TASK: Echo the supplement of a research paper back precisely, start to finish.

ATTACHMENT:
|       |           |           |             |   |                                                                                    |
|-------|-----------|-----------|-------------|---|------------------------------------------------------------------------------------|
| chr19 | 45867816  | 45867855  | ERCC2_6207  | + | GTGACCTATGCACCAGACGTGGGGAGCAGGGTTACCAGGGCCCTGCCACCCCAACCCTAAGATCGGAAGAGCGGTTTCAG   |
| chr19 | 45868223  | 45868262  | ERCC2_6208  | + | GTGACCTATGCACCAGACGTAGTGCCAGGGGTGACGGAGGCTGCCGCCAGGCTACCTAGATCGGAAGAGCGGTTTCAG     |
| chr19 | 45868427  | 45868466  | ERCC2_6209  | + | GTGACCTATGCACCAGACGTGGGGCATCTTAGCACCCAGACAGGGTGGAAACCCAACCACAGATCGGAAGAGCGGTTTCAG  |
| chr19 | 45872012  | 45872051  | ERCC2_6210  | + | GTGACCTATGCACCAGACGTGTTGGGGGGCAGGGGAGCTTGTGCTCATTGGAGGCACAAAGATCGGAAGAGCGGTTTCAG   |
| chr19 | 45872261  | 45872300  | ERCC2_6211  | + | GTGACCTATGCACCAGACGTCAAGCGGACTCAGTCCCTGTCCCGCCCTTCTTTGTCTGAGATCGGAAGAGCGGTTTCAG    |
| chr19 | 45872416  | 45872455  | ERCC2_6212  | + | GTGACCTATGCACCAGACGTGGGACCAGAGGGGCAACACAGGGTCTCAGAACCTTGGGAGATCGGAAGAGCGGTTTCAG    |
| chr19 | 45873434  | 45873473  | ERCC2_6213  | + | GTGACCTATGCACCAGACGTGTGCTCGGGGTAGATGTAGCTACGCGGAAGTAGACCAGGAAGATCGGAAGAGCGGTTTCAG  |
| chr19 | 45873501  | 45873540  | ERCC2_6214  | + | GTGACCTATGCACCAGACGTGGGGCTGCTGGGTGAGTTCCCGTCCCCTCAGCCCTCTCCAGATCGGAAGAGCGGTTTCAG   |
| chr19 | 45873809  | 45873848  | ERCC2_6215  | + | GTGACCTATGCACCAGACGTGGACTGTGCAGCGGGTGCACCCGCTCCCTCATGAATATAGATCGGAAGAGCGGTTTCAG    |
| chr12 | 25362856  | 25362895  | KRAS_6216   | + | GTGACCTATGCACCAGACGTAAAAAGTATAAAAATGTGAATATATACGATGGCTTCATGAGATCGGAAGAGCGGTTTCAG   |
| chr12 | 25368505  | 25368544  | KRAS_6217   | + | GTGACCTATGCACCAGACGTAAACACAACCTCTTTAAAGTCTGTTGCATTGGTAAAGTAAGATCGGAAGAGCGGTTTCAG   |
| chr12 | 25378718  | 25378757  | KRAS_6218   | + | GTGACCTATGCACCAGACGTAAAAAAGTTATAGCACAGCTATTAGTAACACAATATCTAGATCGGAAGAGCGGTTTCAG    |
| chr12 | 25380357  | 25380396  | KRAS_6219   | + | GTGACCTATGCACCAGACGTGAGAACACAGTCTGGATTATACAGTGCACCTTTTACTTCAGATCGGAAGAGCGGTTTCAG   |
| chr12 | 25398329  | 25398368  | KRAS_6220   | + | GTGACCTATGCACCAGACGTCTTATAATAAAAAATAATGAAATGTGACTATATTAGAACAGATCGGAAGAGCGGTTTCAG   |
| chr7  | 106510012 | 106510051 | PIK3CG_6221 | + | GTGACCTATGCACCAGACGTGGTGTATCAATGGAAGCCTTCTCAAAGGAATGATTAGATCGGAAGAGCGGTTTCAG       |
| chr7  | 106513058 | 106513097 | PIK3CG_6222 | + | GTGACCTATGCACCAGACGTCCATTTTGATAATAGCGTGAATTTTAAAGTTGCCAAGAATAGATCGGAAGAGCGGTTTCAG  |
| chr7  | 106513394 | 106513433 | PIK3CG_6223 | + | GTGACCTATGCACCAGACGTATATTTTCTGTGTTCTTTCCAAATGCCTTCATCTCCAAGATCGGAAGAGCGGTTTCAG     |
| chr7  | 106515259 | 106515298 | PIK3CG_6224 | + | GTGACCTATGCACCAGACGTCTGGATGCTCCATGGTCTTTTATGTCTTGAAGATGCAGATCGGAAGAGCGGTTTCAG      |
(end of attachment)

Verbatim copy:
|       |           |           |             |   |                                                                                    |
|-------|-----------|-----------|-------------|---|------------------------------------------------------------------------------------|
| chr19 | 45867816  | 45867855  | ERCC2_6207  | + | GTGACCTATGCACCAGACGTGGGGAGCAGGGTTACCAGGGCCCTGCCACCCCAACCCTAAGATCGGAAGAGCGGTTTCAG   |
| chr19 | 45868223  | 45868262  | ERCC2_6208  | + | GTGACCTATGCACCAGACGTAGTGCCAGGGGTGACGGAGGCTGCCGCCAGGCTACCTAGATCGGAAGAGCGGTTTCAG     |
| chr19 | 45868427  | 45868466  | ERCC2_6209  | + | GTGACCTATGCACCAGACGTGGGGCATCTTAGCACCCAGACAGGGTGGAAACCCAACCACAGATCGGAAGAGCGGTTTCAG  |
| chr19 | 45872012  | 45872051  | ERCC2_6210  | + | GTGACCTATGCACCAGACGTGTTGGGGGGCAGGGGAGCTTGTGCTCATTGGAGGCACAAAGATCGGAAGAGCGGTTTCAG   |
| chr19 | 45872261  | 45872300  | ERCC2_6211  | + | GTGACCTATGCACCAGACGTCAAGCGGACTCAGTCCCTGTCCCGCCCTTCTTTGTCTGAGATCGGAAGAGCGGTTTCAG    |
| chr19 | 45872416  | 45872455  | ERCC2_6212  | + | GTGACCTATGCACCAGACGTGGGACCAGAGGGGCAACACAGGGTCTCAGAACCTTGGGAGATCGGAAGAGCGGTTTCAG    |
| chr19 | 45873434  | 45873473  | ERCC2_6213  | + | GTGACCTATGCACCAGACGTGTGCTCGGGGTAGATGTAGCTACGCGGAAGTAGACCAGGAAGATCGGAAGAGCGGTTTCAG  |
| chr19 | 45873501  | 45873540  | ERCC2_6214  | + | GTGACCTATGCACCAGACGTGGGGCTGCTGGGTGAGTTCCCGTCCCCTCAGCCCTCTCCAGATCGGAAGAGCGGTTTCAG   |
| chr19 | 45873809  | 45873848  | ERCC2_6215  | + | GTGACCTATGCACCAGACGTGGACTGTGCAGCGGGTGCACCCGCTCCCTCATGAATATAGATCGGAAGAGCGGTTTCAG    |
| chr12 | 25362856  | 25362895  | KRAS_6216   | + | GTGACCTATGCACCAGACGTAAAAAGTATAAAAATGTGAATATATACGATGGCTTCATGAGATCGGAAGAGCGGTTTCAG   |
| chr12 | 25368505  | 25368544  | KRAS_6217   | + | GTGACCTATGCACCAGACGTAAACACAACCTCTTTAAAGTCTGTTGCATTGGTAAAGTAAGATCGGAAGAGCGGTTTCAG   |
| chr12 | 25378718  | 25378757  | KRAS_6218   | + | GTGACCTATGCACCAGACGTAAAAAAGTTATAGCACAGCTATTAGTAACACAATATCTAGATCGGAAGAGCGGTTTCAG    |
| chr12 | 25380357  | 25380396  | KRAS_6219   | + | GTGACCTATGCACCAGACGTGAGAACACAGTCTGGATTATACAGTGCACCTTTTACTTCAGATCGGAAGAGCGGTTTCAG   |
| chr12 | 25398329  | 25398368  | KRAS_6220   | + | GTGACCTATGCACCAGACGTCTTATAATAAAAAATAATGAAATGTGACTATATTAGAACAGATCGGAAGAGCGGTTTCAG   |
| chr7  | 106510012 | 106510051 | PIK3CG_6221 | + | GTGACCTATGCACCAGACGTGGTGTATCAATGGAAGCCTTCTCAAAGGAATGATTAGATCGGAAGAGCGGTTTCAG       |
| chr7  | 106513058 | 106513097 | PIK3CG_6222 | + | GTGACCTATGCACCAGACGTCCATTTTGATAATAGCGTGAATTTTAAAGTTGCCAAGAATAGATCGGAAGAGCGGTTTCAG  |
| chr7  | 106513394 | 106513433 | PIK3CG_6223 | + | GTGACCTATGCACCAGACGTATATTTTCTGTGTTCTTTCCAAATGCCTTCATCTCCAAGATCGGAAGAGCGGTTTCAG     |
| chr7  | 106515259 | 106515298 | PIK3CG_6224 | + | GTGACCTATGCACCAGACGTCTGGATGCTCCATGGTCTTTTATGTCTTGAAGATGCAGATCGGAAGAGCGGTTTCAG      |